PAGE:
Monash University has supplied the ATP with a series of scientifically validated questions, which they are using to ‘look under the hood’ at the factors which supports a culture where gay or bisexual players feel they are not welcome. The methodology is similar to a study Denison conducted in 2020 that focused specifically on the team sports rugby union and ice hockey.
“We suspect that tennis isn’t inherently more homophobic than other sports, or traditionally male settings. Instead, there is a disconnect between people’s attitudes towards gay people (e.g. the recent pro-gay comments by top players) and their behaviour, specifically their use of homophobic banter and jokes,” said Denison.
“This behaviour, which is largely habitual, creates a hostile climate for young gay/bi people who drop out or hide their sexuality. This means gay/bi players are invisible in youth tennis and leads to the downstream problem of no professionals. The banter/jokes continue because people think it is harmless.”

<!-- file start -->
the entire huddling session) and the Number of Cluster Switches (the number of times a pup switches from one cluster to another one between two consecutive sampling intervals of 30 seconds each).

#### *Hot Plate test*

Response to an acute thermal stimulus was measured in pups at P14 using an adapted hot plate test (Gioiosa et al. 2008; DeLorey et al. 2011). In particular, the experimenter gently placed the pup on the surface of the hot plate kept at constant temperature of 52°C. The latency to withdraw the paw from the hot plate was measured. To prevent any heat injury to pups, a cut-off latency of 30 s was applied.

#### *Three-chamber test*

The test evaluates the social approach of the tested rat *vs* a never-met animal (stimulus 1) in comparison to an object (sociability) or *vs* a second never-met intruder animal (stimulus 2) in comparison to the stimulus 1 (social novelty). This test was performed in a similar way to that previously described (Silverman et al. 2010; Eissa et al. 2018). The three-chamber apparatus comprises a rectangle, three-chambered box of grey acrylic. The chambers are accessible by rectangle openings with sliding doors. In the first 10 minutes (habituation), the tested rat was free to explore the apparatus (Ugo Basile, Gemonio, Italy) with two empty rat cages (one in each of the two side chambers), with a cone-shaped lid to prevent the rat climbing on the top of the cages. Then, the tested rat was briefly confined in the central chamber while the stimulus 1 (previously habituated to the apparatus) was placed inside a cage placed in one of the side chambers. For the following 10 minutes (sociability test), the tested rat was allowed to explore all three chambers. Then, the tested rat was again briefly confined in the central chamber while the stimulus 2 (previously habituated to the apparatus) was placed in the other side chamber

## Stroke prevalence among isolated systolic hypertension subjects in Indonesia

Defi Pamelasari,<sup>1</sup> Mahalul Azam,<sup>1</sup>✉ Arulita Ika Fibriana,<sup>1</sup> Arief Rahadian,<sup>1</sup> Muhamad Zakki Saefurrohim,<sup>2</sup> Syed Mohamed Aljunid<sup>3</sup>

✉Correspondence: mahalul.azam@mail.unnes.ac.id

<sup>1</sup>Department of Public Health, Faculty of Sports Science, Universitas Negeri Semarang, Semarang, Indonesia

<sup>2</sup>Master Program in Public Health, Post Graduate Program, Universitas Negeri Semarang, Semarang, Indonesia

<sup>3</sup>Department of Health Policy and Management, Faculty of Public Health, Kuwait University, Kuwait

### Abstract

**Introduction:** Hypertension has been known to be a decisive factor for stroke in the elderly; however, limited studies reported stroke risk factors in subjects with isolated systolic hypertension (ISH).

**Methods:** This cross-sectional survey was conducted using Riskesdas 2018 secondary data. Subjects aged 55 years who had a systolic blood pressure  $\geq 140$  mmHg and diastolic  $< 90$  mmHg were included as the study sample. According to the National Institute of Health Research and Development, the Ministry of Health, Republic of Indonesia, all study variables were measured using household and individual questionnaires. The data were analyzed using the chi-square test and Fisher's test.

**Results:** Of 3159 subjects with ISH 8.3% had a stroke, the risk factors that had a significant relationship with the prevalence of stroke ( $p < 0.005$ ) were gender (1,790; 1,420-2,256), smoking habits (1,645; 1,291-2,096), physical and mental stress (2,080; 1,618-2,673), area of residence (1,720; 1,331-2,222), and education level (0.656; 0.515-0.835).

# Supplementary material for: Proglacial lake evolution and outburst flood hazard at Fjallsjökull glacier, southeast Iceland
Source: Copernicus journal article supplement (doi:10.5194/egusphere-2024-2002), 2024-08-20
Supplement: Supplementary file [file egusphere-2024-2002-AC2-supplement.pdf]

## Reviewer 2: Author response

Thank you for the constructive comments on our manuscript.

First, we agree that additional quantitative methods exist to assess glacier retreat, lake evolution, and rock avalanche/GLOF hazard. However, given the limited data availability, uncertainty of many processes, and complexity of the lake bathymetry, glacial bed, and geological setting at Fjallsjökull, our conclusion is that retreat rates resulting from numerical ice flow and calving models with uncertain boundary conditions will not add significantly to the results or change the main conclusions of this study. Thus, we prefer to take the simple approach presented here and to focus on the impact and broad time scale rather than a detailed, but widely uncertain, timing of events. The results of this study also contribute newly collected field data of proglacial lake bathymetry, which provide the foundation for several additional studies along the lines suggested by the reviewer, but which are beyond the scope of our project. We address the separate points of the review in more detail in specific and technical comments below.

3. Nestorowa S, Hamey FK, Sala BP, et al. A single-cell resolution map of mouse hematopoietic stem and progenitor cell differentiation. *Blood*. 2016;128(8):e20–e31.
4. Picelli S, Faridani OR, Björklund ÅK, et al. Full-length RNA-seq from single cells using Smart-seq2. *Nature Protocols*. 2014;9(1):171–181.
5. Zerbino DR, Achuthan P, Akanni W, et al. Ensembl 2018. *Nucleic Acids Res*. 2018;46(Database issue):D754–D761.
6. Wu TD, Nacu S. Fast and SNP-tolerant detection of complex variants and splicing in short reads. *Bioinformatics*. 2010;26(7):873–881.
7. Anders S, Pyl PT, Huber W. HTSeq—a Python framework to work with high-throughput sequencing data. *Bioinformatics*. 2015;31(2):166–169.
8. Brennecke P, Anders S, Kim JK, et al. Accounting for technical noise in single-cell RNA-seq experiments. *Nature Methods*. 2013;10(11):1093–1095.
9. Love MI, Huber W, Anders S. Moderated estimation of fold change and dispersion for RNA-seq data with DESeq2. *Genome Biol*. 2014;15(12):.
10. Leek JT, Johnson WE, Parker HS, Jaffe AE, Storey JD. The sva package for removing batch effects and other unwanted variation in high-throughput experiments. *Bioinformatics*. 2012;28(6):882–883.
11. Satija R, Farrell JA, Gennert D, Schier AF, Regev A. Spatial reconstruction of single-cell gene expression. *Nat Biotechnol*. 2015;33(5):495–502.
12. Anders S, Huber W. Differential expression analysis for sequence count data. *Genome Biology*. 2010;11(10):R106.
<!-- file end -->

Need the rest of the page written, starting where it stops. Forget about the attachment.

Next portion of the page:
The hope is that players will also agree to be interviewed by the researchers for them to get a better understanding. All of the results will then be used by Pride Sports and Monash University to recommend evidence-based solutions. It is unclear as to how long the study will take or when the findings will be ready.
Former top 100 player Brian Vahaly is one of the few players to have been both openly gay and played at the highest level of the men’s game. However, he didn’t fully come to terms with his sexuality until after retiring from the sport at age 27. Speaking to UbiTennis earlier this year, Vahaly shed light on the potential barriers for gay players.
“There were a lot of homophobic jokes made on Tour. It’s a very masculine and competitive environment,” he said. “You don’t see a lot of gay representation, except for the women’s Tour. With me not having the personality of an outspoken advocate (for LGBTQ+ issues), certainly not in my twenties, I needed some time to understand myself. To me, in tennis I didn’t feel like there was anybody to talk to or anybody that was going through anything similar.”
The ATP has spoken with Vahaly about their initiative and he has become ‘quite involved.’ Through their discussions, he got acquainted with Denison for the first time. As a professional, Vahaly peaked at a ranking high of 64th in the world and won five Challenger titles. After retiring from the Tour, he has served on the USTA’s board of directors since 2013.